Teacher resources and professional development across the curriculum

Teacher professional development and classroom resources across the curriculum

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Bringing It All Together

Integrating Reading and Writing

The previous units highlighted ways in which reading and writing can be integrated into different aspects of science instruction. Because reading and writing form part of a broader literacy experience, speaking, listening, viewing/observing, and importantly thinking and inquiry are also essential elements. In this unit, the emphasis is on helping students become effective overall science communicators, to integrate their reading, writing, listening, and speaking skills to foster critical thinking about scientific content. Too often, students encounter writing as a task that they have to do to “prove” that they’ve learned something, rather than writing as the natural product of their learning.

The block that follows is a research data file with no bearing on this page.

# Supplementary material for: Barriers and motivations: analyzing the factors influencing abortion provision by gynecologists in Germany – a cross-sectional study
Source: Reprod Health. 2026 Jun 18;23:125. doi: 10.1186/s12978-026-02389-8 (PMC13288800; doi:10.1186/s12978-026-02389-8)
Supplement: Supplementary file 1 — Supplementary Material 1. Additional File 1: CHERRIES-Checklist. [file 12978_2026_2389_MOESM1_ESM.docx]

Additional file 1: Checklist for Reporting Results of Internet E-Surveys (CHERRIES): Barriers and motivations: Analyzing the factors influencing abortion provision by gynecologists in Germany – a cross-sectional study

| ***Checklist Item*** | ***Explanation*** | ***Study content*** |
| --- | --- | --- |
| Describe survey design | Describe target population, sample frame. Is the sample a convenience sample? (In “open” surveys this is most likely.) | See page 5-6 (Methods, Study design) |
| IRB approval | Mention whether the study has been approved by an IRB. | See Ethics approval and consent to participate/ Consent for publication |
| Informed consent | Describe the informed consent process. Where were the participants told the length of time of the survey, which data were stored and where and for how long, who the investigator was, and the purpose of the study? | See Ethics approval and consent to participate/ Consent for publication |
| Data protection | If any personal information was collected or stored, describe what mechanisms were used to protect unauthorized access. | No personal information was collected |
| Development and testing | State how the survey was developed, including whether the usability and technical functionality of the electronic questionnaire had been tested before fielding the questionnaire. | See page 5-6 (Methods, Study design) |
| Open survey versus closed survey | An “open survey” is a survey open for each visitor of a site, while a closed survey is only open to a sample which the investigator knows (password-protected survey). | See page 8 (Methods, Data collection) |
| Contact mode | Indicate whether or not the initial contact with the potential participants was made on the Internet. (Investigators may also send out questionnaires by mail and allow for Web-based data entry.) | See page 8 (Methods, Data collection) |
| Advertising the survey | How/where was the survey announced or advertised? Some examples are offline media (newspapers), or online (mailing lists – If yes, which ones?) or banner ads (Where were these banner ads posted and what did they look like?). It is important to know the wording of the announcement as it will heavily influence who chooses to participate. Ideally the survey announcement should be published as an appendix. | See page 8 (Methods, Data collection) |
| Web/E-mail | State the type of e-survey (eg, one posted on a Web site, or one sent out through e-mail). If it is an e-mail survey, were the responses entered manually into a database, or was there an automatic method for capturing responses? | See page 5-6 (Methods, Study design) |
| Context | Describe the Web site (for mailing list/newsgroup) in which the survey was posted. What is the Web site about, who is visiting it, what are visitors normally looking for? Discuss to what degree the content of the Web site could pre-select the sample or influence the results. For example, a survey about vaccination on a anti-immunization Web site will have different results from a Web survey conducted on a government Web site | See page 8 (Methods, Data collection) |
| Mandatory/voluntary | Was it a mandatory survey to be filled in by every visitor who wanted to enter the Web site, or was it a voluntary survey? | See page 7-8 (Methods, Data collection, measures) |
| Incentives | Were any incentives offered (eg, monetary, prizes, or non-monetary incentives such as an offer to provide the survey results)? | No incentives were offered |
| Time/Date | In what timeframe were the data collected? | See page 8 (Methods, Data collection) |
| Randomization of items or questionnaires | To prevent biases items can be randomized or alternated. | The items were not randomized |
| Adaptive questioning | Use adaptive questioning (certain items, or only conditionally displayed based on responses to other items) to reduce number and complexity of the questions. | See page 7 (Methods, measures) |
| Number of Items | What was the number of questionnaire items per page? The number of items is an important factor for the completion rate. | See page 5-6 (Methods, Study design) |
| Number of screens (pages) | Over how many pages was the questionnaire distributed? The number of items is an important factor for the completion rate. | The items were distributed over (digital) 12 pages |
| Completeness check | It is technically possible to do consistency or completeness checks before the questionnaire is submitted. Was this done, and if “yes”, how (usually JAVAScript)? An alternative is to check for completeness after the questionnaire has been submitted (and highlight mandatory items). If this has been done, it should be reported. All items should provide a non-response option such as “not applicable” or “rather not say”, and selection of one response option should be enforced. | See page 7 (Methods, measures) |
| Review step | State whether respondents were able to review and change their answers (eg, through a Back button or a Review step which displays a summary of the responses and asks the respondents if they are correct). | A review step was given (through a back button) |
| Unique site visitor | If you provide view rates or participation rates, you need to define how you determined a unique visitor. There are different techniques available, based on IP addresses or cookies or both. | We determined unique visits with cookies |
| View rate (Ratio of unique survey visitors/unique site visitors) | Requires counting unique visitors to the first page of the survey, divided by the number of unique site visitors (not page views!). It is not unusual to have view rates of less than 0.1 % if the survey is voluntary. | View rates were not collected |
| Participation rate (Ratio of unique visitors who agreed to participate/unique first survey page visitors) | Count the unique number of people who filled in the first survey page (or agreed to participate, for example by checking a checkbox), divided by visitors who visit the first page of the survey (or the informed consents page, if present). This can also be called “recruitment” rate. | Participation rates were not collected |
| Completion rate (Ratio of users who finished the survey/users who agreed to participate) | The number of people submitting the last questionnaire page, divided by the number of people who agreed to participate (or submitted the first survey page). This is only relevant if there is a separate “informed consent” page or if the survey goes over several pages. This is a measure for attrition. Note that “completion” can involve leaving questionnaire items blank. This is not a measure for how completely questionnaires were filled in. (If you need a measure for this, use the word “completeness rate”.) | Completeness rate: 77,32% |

There is certainly a time to focus on reading skills—and independently on writing skills—but as students gain proficiency, the next level is for them to always be reading and writing. Cultivating a classroom norm where students easily and frequently move back and forth without really compartmentalizing reading and writing as separate literacies can have a powerful impact. Reading and writing are mutually supportive skills that develop in an iterative process that the most accomplished professionals use throughout their lives. Emphasize with students that the methods of close reading—marking up text, taking notes, forming questions—are writing and can be a precursor to more formal writing.

Apply: If you are currently teaching, consider assigning students a lengthier passage for close reading. Have them mark up the reading with the standard highlights, underlines, and marginal notes they typically use. Prepare a simple graphic organizer for them to transfer their markups. The organizer should have just a few sections, such as important passages I underlined, questions I wrote, unclear vocabulary I circled, and ambiguous passages I checked. Tell students that their close reading is the basis for an essay that they will write. Encourage, and give them time, to revisit their close reading. The essay could be on the meaning and importance of what they’ve read, or on what an interesting next experiment would be, or any number of other topics that would arise from their close reading. Be clear that close reading is part of the process of writing.